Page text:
milkit tubeless tyre inflator compressor
Check the sealant inside your tyres without having to take the tyre off the rim.

In other news, milKit also had a great display showing off its unique tubeless valve system. These clever valves are designed with a one-way plunger that allows you to insert a thin hose through the valve to suck out sealant without actually releasing any air pressure from the tyre. The concept was to create a system that allows you to easily check the sealant levels inside your tyre. Because sealant dries out, and when it does dry out, it won’t do the job it’s meant to. The milKit system allows you to periodically check the sealant levels inside your tyres without any need for actually taking the tyre bead off the rim to physically look inside the rim.

milkit tubeless tyre inflator compressor
The hose protrudes inside the tyre to suck up the sealant, so you can see how much is inside.
milkit tubeless tyre inflator compressor
Like a science experiment for your tyres.
milkit tubeless tyre inflator compressor
The milKit valves are unlike anything else on the market.

For more information on the tubeless valve system or the Booster inflator, head to the milKit website.

Comments (16)

  1. I used to know a nut with a rubber fixation. ;o)

    That booster’s really clever, I may well check one out when they’re on the market. Keep meaning to go tubeless again.

  2. 25 quid? That is a bit of a shocker… I though, I had better deal by backing it up on Kickstarter.

    Looks like I should have waited. Would save about 10 quid :-/

    Not exactly impressed…

    Cheers!
    I.

  3. Would also be nice if they got around to shipping the product for their kickstarter backers, or at least gave another update. Also feeling I may have paid more than retail too – but will wait to moan before I’ve seen the final retail prices on the kit due to me from Milkit….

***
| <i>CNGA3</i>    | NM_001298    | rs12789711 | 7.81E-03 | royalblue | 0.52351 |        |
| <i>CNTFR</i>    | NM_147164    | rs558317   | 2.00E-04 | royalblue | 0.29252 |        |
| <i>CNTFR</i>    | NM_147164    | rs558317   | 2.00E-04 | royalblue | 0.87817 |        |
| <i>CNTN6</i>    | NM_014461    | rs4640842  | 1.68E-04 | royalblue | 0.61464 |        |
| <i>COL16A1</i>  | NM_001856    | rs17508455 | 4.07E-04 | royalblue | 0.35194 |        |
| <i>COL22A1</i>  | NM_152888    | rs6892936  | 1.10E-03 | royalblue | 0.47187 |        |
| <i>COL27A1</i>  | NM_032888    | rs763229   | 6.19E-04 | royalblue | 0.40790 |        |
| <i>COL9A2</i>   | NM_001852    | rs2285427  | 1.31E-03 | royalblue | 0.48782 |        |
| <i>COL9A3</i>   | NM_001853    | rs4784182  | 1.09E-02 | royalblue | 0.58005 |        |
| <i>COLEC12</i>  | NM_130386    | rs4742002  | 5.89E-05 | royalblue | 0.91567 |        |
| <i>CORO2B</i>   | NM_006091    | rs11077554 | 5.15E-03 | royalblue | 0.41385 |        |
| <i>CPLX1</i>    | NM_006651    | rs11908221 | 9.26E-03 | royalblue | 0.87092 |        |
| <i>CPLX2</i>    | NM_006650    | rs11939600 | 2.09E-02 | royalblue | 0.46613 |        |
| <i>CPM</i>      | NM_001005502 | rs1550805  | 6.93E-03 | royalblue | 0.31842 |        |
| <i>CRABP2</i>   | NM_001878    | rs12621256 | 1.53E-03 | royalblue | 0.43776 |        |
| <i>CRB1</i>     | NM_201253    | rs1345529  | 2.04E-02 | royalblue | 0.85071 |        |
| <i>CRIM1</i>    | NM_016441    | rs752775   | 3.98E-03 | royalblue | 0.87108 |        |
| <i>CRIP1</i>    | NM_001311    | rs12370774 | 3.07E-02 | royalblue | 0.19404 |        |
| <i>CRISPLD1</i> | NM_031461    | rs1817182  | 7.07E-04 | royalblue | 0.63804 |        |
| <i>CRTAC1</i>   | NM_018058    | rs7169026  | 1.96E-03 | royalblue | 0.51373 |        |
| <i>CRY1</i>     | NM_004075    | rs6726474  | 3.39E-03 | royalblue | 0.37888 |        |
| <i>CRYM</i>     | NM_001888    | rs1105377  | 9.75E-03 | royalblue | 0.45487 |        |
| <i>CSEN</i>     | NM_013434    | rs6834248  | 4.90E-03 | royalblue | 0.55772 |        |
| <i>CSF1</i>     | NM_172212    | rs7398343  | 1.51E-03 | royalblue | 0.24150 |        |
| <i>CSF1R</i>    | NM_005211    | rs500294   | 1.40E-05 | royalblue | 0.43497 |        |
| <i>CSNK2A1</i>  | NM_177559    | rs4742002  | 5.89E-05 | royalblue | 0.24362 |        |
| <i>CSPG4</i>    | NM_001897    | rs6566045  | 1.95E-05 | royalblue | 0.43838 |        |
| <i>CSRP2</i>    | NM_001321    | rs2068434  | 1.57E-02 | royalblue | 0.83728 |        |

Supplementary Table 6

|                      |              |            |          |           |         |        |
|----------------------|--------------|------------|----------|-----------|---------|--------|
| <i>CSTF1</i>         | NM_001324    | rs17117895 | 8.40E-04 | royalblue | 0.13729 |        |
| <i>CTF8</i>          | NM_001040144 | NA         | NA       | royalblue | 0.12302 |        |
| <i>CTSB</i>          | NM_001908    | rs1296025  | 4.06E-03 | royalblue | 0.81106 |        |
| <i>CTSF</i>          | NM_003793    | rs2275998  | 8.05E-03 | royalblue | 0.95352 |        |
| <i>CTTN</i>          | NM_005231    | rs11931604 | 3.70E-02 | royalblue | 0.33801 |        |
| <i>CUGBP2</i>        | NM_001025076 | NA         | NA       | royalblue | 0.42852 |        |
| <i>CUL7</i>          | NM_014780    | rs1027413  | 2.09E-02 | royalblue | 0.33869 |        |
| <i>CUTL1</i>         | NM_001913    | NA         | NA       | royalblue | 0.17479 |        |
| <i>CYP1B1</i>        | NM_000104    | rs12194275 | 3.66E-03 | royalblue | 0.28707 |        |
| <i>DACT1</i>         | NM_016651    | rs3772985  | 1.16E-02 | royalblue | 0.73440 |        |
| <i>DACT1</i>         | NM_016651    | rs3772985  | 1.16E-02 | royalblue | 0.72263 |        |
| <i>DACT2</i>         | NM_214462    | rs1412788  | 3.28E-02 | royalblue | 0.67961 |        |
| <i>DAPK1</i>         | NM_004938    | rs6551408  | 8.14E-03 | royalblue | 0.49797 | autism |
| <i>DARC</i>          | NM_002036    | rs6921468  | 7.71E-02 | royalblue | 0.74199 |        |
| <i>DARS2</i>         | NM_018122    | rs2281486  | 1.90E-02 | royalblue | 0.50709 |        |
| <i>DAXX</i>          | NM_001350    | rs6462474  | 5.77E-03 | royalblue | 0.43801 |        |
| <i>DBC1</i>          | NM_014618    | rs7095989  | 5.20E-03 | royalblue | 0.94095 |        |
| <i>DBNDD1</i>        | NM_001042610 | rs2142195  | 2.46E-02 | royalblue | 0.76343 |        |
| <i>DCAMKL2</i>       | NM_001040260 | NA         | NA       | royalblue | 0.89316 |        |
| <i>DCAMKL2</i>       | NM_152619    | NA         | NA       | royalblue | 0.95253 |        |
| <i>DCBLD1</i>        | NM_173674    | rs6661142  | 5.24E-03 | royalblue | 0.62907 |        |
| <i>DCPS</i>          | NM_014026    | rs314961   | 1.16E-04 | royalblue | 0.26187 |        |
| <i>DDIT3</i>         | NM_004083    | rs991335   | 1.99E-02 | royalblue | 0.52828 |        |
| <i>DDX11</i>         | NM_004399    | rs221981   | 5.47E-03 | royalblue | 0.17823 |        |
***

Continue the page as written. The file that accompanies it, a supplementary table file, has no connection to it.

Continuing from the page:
4. for 25 quid I might consider retiring my 2L coke bottle!

  5. … £25 is the valve section for the top of the bottle only – you’d need to add your own SIGG bottle to that for a functioning system…

  6. At £25 I might get one and do it properly rather than using my coke bottle and safety goggles!

    Anyone know.if that £25 price is for the top only or for the full item including bottle?

  7. Be interested in seeing it seal difficult to mount tyres. I can seat maxis tyres with a hand pump on stans rims.

  8. is it just my eyes or is that tyre not fully seated in the video. The raised rubber guide around the tyre that sits just above the rim line runs off into to rim to me. Maybe i’m wrong!

  9. Will any Sigg bottle of big enough volume handle the pressure? The one in the photos has a rounded bottom, whereas Sigg are all flat bottomed.

  10. Ah, hang on, reread the article, the bottle can be used as a water bottle, not the other way round, ie, using your own Sigg bottle for the compressed air.

  11. Neat. I think I might just have to get one of those. Especially after a stormy, alpine woodland, tyre unseating that was no fun at all.

  12. Needs an auto pressure release valve on it so those of us without gauges on pumps don’t blow our ankles off over inflating it.

  13. This information from Sigg Bottles UK. The bottle used in this product is NOT a SIGG and is NOT made by us. We do NOT recommend that any SIGG branded bottle is pressurised in this way.

  14. @sigg – Interesting!

    Appreciate your comment and clarification regarding the milKit Booster bottle. That certainly wasn’t the information delivered to us – unless some wires have simply been crossed in communication via milKit.

    I’ll go in and amend the article with the information you’ve provided, and we’ll get in contact with milKit for clarification regarding the Booster bottle.

    Thanks again for the clarification!

    ST Wil.

  15. I know that, Most people don’t own an air compressor, and using CO2 inflators is both wasteful and not always a guaranteed solution but I am a compressor user. I see a small powerful compressor on https://bestaircompressorstore.com/dewalt-dwfp55126-6-gallon-165-psi-pancake-compressor-review/ Dewalt 6 gallon. It is a small but very decent and powerful machine. Anybody can use this popular compressor.

  16. A mate of mine just had the thing blow up on him. The threads stripped at 100psi and gave him a nasty whack on the wrist. This was only the second time he used it.

    just saying…..